Inside the rise and fall of NRG’s green strategy
Inside the rise and fall of NRG’s green strategy
Last week, for a variety of reasons, I was trying to stay offline when suddenly my phone lit up with too many messages to ignore. Journalists, environmentalists, former colleagues, all contacting me on the same topic: my former company, NRG Energy, had announced plans to divest its renewables business.
Most of the conversations went like this:
Questioner: "What do you think about it?"
My answer: "I'm very happy; ecstatic even."
Now-incredulous questioner: "Come on, you must be upset. Doesn't this decision represent the final unwinding of your clean energy strategy?"
Me: "No, I am not upset. I am a major shareholder. I am totally supportive."
Still-unconvinced questioner: "Even though it means they have no way of meeting the 90 percent carbon reduction goal that you had committed the company to achieve by 2050"?
Me: "Well, since I considered NRG's 'commitment' to that carbon goal to be shambolic even before yesterday's announcement, I mourned its inevitable non-attainment a long time ago. I am over it."
So let me explain myself, because NRG's attempt to transform itself from brown to green — how it started, where it went off the rails and, now, how it is ending — is important. And just because I am happy about this latest development as an NRG shareholder doesn't mean that I am not distressed about what it means to the climate change movement. NRG is a big polluter. Were NRG a country, it would place in the top 50 of sovereign nations in terms of anthropogenic greenhouse gas (GHG) emissions.
First, a brief synopsis of the NRG saga for those who haven't been following along. NRG is a coal-based domestic power-generation company that grew over the past 15 years to become the second-largest power generator in the United States. Coming out of the 2009 recession, seeing no future growth and enormous economic and environmental risk in its aging coal fleet, NRG tilted hard into solar and various other zero-carbon and carbon-negative business initiatives.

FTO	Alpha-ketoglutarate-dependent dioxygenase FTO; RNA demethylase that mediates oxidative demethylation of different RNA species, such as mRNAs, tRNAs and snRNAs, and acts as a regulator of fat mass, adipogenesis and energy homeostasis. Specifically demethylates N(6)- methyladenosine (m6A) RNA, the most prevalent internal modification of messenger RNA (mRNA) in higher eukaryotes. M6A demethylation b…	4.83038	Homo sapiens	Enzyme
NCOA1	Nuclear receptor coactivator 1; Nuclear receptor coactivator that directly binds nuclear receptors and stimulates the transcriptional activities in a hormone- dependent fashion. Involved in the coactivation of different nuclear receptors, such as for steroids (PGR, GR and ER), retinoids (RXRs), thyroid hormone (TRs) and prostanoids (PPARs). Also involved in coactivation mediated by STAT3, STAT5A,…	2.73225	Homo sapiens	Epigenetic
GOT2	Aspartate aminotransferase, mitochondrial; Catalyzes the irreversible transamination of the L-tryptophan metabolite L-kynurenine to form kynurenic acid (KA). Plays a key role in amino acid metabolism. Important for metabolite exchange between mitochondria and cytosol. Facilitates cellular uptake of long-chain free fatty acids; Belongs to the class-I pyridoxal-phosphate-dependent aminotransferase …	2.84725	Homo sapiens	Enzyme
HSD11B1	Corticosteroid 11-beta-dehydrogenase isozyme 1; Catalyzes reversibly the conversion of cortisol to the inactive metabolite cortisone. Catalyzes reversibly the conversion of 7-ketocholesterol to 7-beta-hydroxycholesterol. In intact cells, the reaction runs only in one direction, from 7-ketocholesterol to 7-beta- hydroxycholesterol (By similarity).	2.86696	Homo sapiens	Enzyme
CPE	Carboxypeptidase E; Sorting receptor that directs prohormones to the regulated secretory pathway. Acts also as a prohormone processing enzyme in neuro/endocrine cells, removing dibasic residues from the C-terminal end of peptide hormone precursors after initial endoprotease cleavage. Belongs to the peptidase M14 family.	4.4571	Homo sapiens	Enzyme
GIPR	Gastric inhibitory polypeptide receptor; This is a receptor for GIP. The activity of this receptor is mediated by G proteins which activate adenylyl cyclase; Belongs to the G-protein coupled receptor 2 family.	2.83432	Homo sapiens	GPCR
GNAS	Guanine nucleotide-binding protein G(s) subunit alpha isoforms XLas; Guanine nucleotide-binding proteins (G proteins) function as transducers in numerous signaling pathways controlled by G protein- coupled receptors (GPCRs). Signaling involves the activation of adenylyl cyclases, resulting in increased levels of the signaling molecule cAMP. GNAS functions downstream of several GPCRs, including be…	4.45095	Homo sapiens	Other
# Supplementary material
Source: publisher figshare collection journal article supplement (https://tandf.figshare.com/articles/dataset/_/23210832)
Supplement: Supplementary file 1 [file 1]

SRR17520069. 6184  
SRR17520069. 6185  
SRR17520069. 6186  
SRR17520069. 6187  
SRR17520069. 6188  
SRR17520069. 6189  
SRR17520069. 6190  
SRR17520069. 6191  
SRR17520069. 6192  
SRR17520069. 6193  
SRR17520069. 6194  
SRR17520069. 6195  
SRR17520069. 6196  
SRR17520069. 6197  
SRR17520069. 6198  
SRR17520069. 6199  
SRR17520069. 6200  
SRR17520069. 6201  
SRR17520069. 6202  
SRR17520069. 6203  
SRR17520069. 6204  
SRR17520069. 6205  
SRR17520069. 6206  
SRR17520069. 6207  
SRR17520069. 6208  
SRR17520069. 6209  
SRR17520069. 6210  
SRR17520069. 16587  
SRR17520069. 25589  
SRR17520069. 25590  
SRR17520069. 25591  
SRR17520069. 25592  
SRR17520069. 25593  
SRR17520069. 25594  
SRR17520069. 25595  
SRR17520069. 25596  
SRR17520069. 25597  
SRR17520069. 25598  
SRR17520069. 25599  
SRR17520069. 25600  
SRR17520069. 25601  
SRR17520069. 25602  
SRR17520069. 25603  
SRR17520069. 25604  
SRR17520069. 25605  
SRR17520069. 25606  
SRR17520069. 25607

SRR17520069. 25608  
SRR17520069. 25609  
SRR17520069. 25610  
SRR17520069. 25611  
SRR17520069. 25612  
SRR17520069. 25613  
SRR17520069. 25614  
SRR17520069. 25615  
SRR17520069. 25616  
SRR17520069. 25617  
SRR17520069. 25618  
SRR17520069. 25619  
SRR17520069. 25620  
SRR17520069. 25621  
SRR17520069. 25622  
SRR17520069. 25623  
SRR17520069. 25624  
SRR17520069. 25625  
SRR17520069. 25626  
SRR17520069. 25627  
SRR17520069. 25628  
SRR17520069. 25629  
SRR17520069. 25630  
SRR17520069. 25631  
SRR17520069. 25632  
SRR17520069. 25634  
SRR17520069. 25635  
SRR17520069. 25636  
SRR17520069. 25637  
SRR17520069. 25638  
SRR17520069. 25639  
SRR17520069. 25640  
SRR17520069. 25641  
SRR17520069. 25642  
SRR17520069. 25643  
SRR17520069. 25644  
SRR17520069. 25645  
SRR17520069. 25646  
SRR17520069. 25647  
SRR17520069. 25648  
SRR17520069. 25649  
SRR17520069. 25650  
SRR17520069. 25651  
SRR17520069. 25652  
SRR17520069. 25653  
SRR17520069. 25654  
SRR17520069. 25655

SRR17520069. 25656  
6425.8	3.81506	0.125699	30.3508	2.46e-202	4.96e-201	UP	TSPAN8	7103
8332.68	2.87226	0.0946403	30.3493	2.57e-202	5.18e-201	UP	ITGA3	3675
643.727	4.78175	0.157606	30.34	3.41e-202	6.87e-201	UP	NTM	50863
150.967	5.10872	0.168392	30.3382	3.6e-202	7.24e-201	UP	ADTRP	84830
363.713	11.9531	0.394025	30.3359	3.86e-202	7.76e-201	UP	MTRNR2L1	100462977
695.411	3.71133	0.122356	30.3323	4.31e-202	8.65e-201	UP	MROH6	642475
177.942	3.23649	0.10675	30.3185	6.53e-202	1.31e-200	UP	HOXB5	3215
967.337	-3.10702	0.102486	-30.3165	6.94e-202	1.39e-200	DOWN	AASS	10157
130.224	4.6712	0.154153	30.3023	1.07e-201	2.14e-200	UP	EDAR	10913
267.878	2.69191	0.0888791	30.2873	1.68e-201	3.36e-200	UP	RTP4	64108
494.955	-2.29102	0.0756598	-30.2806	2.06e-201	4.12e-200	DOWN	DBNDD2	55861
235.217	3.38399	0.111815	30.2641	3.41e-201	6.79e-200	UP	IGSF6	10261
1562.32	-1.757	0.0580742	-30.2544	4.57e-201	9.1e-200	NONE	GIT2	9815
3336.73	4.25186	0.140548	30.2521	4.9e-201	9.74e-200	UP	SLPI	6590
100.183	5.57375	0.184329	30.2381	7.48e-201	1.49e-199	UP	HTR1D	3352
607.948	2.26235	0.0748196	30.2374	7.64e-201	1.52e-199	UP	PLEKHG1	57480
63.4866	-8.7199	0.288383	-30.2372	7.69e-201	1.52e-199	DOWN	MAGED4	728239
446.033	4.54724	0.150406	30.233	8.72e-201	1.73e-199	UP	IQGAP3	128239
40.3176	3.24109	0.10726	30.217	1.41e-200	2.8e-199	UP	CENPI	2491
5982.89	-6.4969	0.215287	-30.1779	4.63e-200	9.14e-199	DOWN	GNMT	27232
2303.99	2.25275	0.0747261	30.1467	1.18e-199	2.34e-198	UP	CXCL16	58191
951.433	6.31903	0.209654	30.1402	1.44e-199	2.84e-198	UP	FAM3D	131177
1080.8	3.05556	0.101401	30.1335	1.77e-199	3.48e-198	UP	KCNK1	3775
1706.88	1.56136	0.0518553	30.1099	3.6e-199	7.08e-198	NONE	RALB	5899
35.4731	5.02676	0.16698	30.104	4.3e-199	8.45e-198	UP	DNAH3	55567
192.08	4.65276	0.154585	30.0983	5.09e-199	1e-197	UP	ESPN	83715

In 2014, NRG publicly committed to 50 percent carbon reduction by 2030 and 90 percent by 2050, still the only U.S. fossil fuel-based energy company ever to have made such carbon-reduction commitments.
Early success in these new clean energy businesses was mixed, as it often is. The company's clean energy initiatives were slow to bear fruit financially. As a result, NRG's capital allocation strategy — reinvesting coal profits into clean energy businesses — fell into disfavor with NRG's traditional investor base. The result was a sharp decline and underperformance of NRG's share price against peers in 2014 and 2015.
Fearing above all the advent of an activist investor, the NRG board ousted the CEO who spearheaded the brown-to-green strategy (that's me) at year-end 2015 and installed a "new" management team that was essentially the previous management team minus me and a couple other executives who left of their own volition. After a lengthy strategic review, the "new" team reached essentially the same strategic conclusion that the previous management had — which is that renewables are the future — and, as such, essentially re-embraced the previous brown-to-green strategy (including the long-term carbon-reduction goals).